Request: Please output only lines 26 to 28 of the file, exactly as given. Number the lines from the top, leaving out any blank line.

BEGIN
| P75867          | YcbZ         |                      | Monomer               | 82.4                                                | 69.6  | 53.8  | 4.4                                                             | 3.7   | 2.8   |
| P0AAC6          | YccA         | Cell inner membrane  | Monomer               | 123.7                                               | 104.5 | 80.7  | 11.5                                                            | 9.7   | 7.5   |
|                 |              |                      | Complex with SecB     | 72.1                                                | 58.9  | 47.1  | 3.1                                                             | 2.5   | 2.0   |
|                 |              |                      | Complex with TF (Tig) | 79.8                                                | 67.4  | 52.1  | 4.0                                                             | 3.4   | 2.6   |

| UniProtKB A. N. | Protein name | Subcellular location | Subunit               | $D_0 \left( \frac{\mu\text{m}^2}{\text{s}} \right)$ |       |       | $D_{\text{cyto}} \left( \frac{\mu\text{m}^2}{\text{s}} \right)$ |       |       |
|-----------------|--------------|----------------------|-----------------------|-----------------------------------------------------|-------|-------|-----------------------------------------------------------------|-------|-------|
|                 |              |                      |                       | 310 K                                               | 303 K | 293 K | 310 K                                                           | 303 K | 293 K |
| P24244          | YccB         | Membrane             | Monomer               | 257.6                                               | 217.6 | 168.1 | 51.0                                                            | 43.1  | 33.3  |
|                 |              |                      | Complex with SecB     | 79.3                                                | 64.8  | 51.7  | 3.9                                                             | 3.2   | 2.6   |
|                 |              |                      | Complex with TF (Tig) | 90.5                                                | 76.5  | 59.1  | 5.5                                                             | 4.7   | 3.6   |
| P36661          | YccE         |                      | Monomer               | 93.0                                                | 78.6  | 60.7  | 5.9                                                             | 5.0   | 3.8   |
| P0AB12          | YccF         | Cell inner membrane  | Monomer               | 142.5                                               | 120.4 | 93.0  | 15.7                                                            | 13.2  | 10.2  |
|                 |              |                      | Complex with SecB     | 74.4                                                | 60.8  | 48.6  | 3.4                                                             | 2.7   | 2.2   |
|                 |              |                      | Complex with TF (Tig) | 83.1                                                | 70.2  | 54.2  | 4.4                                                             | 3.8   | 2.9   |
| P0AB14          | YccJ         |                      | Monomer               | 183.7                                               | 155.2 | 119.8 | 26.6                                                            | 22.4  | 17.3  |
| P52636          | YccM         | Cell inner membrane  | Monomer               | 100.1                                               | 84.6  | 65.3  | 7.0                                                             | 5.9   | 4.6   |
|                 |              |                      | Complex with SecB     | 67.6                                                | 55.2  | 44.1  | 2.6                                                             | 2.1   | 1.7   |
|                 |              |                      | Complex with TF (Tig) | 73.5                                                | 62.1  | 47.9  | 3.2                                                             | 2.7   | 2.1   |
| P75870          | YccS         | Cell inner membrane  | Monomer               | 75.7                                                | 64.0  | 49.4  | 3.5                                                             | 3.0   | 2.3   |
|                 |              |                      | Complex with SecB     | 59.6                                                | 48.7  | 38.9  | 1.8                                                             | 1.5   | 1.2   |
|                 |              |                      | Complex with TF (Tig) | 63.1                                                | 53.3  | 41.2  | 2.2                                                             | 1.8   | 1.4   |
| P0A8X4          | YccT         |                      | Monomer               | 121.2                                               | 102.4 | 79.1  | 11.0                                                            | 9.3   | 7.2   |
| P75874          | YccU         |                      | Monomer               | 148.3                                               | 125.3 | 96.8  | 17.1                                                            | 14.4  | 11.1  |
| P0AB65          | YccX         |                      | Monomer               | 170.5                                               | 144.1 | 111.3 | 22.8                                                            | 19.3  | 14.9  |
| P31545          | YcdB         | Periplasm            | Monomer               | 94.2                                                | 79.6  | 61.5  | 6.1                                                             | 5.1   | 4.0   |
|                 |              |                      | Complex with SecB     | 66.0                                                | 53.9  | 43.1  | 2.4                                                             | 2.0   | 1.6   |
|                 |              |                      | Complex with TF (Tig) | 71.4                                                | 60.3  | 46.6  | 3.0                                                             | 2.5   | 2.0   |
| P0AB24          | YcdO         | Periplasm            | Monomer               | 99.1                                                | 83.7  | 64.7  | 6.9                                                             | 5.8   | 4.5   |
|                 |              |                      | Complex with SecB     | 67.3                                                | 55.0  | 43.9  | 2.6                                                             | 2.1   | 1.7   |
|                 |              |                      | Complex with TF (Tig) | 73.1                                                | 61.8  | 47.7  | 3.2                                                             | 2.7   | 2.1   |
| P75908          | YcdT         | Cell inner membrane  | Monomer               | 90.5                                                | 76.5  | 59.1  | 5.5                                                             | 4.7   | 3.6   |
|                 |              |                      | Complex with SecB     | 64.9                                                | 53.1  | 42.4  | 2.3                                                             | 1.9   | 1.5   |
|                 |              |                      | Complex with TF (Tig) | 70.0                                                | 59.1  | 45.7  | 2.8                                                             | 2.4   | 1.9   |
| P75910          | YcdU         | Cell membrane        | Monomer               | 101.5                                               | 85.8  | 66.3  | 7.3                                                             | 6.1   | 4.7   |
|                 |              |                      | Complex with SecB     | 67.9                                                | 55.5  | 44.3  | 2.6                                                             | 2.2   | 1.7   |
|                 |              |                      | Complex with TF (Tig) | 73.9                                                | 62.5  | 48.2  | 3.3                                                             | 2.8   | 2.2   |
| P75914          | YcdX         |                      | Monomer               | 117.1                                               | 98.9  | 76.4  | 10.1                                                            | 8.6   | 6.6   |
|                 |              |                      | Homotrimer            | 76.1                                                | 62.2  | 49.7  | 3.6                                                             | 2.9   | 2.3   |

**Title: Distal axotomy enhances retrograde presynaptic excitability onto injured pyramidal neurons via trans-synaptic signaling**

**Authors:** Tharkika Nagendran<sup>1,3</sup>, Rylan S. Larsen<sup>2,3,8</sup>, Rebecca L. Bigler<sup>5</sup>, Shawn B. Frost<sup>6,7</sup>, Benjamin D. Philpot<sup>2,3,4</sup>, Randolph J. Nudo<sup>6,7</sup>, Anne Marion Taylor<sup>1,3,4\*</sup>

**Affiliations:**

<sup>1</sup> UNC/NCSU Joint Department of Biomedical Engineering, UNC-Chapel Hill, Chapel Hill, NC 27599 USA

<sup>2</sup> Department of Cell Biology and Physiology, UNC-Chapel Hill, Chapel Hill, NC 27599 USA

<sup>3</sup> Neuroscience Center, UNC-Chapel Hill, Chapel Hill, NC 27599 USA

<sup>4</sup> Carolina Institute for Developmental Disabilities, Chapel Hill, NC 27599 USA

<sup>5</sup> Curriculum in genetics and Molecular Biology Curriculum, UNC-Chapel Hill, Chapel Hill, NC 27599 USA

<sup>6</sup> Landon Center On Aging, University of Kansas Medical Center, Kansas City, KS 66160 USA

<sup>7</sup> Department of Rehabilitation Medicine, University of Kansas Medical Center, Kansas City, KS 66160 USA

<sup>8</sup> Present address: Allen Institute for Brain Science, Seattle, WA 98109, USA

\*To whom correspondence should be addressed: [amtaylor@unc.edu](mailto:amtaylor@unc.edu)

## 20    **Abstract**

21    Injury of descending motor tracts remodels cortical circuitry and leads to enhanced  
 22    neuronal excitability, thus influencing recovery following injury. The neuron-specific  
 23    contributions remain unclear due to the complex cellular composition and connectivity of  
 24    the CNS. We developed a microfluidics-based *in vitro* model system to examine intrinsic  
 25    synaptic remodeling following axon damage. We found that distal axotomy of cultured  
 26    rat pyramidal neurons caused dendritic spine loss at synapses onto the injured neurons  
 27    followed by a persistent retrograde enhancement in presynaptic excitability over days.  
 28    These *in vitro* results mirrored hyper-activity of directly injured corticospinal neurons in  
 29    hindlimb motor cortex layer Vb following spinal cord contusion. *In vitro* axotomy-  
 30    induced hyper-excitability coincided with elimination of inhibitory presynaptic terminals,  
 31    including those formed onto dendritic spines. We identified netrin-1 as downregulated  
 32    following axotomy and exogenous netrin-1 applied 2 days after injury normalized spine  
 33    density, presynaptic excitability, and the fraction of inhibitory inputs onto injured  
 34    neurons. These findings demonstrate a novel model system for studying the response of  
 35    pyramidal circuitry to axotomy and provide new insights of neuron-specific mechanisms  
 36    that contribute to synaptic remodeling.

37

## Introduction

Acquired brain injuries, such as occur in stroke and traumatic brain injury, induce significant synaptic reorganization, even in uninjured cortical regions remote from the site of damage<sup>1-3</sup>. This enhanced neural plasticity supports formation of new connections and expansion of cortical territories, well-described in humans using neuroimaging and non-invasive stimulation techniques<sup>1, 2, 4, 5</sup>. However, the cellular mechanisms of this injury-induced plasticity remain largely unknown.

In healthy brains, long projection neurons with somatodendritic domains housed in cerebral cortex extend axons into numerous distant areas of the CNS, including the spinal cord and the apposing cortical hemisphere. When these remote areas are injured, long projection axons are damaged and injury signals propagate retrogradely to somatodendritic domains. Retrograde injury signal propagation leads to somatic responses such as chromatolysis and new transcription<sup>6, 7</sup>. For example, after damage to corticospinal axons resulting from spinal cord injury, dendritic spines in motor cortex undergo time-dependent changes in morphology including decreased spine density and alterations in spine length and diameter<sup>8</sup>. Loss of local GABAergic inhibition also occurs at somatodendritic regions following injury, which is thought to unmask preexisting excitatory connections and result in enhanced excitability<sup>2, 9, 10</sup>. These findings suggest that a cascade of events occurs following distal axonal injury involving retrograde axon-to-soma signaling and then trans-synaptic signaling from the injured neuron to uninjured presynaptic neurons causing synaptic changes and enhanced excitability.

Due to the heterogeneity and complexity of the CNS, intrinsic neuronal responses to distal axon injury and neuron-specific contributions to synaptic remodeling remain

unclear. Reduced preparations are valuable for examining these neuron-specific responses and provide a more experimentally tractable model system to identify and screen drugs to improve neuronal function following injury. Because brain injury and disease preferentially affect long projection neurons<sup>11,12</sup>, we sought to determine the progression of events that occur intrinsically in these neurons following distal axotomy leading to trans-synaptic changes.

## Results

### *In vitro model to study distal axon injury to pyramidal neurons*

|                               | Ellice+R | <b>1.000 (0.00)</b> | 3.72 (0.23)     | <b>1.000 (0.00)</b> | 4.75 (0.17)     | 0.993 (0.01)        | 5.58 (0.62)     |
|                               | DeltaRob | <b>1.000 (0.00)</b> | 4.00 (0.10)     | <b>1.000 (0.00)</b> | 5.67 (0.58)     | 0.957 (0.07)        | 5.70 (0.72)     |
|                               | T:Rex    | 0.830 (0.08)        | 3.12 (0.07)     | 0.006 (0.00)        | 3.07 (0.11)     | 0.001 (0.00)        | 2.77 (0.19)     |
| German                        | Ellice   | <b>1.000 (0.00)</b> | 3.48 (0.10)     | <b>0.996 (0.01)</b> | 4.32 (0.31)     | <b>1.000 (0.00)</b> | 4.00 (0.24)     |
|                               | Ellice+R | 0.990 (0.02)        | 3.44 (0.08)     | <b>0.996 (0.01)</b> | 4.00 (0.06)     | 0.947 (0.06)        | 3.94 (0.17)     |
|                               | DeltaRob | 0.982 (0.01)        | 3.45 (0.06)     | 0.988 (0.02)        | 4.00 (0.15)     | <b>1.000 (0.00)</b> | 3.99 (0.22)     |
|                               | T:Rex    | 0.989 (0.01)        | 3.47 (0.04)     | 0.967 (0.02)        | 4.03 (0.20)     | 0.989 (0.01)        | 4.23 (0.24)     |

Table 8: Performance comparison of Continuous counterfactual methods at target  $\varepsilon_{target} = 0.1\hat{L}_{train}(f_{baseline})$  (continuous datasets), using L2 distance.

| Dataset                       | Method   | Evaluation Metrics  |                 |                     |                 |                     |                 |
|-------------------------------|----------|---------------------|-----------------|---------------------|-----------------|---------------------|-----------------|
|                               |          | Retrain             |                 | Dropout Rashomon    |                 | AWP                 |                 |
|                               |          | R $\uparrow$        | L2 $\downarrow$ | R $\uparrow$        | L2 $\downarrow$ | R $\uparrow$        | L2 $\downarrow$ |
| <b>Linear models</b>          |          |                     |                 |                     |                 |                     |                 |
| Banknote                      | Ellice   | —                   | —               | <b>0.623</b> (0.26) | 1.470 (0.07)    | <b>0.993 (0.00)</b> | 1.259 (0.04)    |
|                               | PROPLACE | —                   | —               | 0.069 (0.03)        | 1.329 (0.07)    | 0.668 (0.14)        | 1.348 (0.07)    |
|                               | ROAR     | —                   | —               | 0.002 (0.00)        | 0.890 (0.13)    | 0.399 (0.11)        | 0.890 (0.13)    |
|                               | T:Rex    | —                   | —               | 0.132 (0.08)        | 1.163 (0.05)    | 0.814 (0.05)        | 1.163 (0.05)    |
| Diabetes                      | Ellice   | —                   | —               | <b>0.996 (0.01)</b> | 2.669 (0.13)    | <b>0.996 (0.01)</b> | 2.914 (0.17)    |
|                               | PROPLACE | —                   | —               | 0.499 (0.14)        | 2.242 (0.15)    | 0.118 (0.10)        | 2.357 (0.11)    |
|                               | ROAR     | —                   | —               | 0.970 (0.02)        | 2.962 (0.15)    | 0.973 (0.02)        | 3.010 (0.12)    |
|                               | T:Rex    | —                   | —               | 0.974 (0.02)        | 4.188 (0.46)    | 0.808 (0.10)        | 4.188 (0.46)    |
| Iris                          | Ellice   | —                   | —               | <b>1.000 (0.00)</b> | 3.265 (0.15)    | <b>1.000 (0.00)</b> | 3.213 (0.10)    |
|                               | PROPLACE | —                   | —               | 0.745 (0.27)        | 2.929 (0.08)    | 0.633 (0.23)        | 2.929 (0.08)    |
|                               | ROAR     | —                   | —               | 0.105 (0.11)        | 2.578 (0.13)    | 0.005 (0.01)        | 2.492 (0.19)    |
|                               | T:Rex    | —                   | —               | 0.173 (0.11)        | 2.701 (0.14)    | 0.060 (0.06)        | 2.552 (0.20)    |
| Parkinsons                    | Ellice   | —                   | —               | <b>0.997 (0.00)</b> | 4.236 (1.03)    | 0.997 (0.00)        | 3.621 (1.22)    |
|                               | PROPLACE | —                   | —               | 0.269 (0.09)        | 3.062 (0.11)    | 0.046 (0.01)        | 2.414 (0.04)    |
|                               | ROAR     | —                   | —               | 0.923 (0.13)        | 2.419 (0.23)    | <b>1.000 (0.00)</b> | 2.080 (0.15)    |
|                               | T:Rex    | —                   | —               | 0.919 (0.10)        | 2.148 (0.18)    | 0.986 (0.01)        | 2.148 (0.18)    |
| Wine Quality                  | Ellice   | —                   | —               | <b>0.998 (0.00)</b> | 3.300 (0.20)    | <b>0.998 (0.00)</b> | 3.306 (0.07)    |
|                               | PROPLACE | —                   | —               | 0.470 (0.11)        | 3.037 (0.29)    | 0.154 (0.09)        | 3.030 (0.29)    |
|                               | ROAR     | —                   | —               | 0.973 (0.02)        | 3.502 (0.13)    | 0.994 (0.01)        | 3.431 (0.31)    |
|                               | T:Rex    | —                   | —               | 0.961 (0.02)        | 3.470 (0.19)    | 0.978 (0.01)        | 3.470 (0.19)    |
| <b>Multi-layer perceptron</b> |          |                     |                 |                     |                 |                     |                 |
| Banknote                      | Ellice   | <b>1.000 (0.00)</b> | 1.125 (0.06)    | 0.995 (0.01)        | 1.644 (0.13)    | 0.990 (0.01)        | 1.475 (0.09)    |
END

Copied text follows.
|                 |              |                      | Complex with SecB     | 66.0                                                | 53.9  | 43.1  | 2.4                                                             | 2.0   | 1.6   |
|                 |              |                      | Complex with TF (Tig) | 71.4                                                | 60.3  | 46.6  | 3.0                                                             | 2.5   | 2.0   |
| P0AB24          | YcdO         | Periplasm            | Monomer               | 99.1                                                | 83.7  | 64.7  | 6.9                                                             | 5.8   | 4.5   |